By DINA ZAMAN
RECENT events that had the country fluctuate from a variety of emotions, has many Malays wondering: what is it to be Malay now, and has race become the only identifying factor in a Malay (man)’s life?
Has the Malay race become emasculated over the years, due to a public policy that had good intentions but was not administered properly?
The men I spoke to for this article were bewildered by the recent turn of events, and honest enough to concede that the race is regressing to a dark age.
All this bluster about being a superior race in the country hides a deep inferiority complex about themselves.
And with certain channels trumping the race card at practically every nook and cranny, was it any wonder that the Malays, especially so, Malay men felt threatened?
Perhaps, it is suggested, the Malays are still insecure.
They have the compunction of adopting other cultures, because they don’t appreciate their own language and customs.
They are unable to think and analyse critically; but ape others that do.
Could this be that as a politicised race, the Malays do not have a thousand year history of tradition and culture?
What existed before is being aggressively erased from our psyche.
What is noticeable is that many young Malays hunger for material and physical wealth. They want it fast.
The NEP hasn’t really made all Malays rich, and at the lower rung of the economic ladder are still the Malays.
Another thing that cripples the Malays is what my respondents termed dengki Melayu.
The current politics of the country and the lack or rather the refusal to have an incorruptible system for anything – from applying for tenders to a job promotion – has given the adage “dog eat dog” a new twist.
“You get really good Malays who are as good as expatriates, but you don’t nurture them, promote them, because one, you’re intimidated by them, and two, they don’t play ball. They’re not going to brownnose you and aren’t part of a certain circle, so why bother with them?”
On the other extreme is a minority group a friend termed the “marginalised Malays”.
In his e-mail he wrote, “Frankly, although I am as Malay as they come, I feel 'race-less' in everyday life. 'Race' is so unimportant to me. The only 'race' I care about is car races and racing cars.”
Seriously, have you ever wondered about the ‘marginalised Malays’? Yes, there are in fact Malays who are marginalised by their own race! These are the Malays who do not conform to the mainstream Malay ideas, character, way of life, thinking and what have you.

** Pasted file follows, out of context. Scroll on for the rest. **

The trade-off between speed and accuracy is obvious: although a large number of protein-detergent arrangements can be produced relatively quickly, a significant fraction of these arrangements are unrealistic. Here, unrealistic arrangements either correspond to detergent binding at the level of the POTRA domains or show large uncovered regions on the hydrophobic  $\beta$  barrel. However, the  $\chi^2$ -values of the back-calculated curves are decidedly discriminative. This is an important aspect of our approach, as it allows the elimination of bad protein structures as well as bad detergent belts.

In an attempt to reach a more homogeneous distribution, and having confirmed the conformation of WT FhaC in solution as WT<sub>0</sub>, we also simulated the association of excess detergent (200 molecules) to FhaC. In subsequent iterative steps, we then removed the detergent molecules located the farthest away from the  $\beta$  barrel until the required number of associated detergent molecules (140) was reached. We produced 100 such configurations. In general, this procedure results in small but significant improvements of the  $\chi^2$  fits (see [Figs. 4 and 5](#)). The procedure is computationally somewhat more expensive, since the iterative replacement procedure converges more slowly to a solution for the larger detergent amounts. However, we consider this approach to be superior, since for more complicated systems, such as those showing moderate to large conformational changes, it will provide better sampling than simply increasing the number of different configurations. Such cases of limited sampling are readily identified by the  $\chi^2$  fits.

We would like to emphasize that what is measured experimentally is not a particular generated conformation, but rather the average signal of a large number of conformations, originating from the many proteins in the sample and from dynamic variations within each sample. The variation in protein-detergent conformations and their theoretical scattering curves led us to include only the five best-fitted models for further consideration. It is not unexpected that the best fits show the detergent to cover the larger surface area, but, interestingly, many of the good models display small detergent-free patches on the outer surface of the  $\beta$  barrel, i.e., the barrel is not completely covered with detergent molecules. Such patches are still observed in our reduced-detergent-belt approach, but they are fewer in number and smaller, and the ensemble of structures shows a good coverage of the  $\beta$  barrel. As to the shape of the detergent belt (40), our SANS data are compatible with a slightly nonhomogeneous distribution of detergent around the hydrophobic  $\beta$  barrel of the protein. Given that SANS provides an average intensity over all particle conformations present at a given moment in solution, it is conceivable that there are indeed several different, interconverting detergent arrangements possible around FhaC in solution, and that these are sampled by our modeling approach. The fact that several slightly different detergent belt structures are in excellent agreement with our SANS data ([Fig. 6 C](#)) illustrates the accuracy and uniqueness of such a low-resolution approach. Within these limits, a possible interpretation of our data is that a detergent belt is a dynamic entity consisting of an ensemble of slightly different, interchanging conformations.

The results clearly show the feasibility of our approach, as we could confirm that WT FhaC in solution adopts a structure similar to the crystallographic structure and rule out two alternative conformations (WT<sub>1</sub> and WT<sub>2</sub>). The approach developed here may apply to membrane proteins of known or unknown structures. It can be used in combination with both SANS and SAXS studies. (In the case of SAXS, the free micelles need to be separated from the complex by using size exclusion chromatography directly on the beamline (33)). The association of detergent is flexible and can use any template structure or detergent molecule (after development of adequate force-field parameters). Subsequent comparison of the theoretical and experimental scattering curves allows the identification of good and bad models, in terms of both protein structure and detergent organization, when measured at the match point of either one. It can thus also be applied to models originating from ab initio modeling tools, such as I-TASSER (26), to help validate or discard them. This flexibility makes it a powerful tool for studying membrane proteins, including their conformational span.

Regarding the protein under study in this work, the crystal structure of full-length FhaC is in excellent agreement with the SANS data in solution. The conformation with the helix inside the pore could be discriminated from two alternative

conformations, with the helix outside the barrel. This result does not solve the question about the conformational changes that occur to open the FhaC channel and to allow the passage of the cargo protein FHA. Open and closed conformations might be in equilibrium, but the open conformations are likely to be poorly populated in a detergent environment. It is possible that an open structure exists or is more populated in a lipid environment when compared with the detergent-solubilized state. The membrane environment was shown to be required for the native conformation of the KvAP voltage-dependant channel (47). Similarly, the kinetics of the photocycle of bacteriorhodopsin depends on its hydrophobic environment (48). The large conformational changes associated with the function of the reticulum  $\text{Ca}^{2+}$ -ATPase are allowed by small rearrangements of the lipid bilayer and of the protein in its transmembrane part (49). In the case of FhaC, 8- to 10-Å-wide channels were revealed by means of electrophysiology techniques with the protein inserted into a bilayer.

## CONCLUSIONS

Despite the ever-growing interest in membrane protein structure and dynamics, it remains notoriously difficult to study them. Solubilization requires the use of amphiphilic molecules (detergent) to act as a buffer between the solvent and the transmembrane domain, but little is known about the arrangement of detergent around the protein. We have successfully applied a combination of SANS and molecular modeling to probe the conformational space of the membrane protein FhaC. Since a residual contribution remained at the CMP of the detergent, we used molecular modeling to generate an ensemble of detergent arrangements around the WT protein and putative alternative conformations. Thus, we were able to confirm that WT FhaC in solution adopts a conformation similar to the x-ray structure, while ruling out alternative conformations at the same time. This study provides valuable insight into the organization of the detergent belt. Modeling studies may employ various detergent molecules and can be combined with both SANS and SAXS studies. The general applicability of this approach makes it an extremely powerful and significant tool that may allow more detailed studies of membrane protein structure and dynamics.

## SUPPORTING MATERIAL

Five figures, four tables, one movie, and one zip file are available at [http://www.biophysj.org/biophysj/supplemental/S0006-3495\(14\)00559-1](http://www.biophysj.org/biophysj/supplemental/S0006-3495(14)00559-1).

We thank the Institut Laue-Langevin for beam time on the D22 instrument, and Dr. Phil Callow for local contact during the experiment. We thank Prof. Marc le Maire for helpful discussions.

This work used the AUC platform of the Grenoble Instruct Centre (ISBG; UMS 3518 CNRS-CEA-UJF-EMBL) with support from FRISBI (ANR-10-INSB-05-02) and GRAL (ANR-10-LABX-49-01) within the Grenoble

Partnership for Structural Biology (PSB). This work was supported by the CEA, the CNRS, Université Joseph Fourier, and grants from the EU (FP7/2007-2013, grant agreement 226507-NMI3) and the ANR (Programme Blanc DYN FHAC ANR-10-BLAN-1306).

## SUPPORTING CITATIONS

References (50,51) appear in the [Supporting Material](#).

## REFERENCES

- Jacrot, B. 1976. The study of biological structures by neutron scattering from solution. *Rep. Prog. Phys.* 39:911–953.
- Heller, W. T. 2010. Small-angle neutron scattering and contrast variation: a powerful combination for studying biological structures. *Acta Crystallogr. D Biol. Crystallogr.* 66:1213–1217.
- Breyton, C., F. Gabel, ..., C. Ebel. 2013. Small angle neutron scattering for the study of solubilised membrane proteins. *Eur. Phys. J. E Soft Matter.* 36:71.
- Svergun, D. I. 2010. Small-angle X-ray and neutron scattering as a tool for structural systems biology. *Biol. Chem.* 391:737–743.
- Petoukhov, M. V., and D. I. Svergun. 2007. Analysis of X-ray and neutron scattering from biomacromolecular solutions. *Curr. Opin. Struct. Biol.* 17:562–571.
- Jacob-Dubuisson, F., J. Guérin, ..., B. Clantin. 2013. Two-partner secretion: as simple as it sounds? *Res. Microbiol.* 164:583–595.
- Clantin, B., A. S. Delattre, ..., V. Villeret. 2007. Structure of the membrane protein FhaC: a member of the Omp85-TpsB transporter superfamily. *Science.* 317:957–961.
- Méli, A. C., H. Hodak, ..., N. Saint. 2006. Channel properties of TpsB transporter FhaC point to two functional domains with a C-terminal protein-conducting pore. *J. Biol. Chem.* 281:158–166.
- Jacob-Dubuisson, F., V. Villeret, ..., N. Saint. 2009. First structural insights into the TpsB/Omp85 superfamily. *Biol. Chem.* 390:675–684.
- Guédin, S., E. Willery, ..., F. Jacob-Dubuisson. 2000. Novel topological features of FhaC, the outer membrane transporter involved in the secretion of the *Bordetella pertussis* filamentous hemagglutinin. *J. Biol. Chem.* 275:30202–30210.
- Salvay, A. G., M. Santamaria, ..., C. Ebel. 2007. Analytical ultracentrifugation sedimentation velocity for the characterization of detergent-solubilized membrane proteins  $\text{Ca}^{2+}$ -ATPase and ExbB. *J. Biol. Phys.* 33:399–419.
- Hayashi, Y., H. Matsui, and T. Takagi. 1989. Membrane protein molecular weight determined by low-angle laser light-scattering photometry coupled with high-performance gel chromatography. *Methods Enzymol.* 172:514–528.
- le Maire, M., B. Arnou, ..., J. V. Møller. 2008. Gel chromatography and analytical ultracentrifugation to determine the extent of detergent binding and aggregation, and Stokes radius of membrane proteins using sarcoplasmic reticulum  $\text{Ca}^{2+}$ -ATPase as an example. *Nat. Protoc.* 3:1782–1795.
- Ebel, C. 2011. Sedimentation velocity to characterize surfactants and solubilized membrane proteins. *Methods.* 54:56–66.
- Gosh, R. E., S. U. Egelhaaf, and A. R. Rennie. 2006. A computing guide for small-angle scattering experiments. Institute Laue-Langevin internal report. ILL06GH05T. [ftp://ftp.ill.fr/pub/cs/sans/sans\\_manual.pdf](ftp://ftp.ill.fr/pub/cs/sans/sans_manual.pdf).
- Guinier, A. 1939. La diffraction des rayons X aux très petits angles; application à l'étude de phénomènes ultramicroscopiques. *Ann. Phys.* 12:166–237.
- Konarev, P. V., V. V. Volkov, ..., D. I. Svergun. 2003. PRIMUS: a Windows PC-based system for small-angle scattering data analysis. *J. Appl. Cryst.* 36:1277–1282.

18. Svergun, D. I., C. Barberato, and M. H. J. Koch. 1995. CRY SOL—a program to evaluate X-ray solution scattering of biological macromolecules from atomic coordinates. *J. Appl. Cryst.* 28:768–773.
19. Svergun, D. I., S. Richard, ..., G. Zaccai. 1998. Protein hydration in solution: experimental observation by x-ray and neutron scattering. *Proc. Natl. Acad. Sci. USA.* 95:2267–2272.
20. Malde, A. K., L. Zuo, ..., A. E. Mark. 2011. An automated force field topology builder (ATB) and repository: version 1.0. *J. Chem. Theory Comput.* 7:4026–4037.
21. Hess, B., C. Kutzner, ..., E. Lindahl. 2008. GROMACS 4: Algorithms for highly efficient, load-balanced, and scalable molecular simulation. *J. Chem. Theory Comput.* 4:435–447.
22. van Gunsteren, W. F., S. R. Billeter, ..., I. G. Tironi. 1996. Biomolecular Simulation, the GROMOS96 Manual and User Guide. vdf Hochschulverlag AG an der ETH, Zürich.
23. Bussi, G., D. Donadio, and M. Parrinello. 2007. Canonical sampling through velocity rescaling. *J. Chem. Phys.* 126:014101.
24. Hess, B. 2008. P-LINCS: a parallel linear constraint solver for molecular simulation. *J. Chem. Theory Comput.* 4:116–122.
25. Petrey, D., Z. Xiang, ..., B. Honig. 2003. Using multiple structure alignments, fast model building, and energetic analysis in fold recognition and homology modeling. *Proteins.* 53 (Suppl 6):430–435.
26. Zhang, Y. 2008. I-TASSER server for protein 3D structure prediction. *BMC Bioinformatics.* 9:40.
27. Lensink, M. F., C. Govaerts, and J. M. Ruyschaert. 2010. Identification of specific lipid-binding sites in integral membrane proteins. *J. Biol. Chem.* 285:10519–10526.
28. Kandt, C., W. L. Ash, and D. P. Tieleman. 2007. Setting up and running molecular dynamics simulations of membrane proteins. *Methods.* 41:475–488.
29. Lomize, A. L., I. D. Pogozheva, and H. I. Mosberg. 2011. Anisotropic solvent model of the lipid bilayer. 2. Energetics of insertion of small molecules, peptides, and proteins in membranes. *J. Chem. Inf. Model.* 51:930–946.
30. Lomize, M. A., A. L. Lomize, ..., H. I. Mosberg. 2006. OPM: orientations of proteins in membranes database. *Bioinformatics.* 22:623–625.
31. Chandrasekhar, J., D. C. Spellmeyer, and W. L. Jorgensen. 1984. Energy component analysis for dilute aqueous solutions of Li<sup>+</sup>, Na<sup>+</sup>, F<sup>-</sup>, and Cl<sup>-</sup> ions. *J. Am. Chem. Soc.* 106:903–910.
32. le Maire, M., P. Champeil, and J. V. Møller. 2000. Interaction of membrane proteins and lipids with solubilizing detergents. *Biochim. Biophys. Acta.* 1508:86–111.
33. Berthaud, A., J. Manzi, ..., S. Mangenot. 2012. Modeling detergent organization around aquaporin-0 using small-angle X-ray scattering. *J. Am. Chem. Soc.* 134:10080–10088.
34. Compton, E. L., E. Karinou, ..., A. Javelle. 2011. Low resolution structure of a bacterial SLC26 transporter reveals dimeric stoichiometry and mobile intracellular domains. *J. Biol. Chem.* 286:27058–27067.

These are the Malays whose girlfriend/wife/daughters do not wear tudung. They probably even drink alcohol and love the good life.
They could sit and argue and debate about all things in life (religion included) and they believe they are open minded and intelligent enough to engage with anybody, race and creed notwithstanding. The truth is they are neither here nor there.
Not accepted by mainstream Malays (some are even branded pengkhianat bangsa) nor are they accepted as equals by non-Malays.
They walk into high powered corporate meetings attended by non-Malays (even Caucasians) and all eyes would observe these Malays while thinking, in their head, “here comes the product of the NEP” when in truth the NEP had embarrassed these Malays to no end as they could well stand up to anybody regardless of race.
These is the “marginalised Malay”. Unhappy in his/her own turf and looked down by non-Malays as being “just another NEP Malay”. Ironic but true!
An old boyfriend wondered out aloud, whether all this self-reflection meant anything at all. After all, it’s only rituals like attending weddings and funerals, for instance that reminded us of our heritage.
Did we wake up in the mornings saying, I am a Malay (man or woman)? He didn’t think so, as Man was preoccupied with bills to pay and family to care for. This pondering is not going to help the race or country at all.
I received a text from an old friend, Mr What If: “I love this country. I have seen many a man caught up in his own self-importance and let everybody down. I want you to write about the need to bring Malay(sians) back to earth and to start again. Is that feasible?”
Source: The Star: A writer's life by Dina Zaman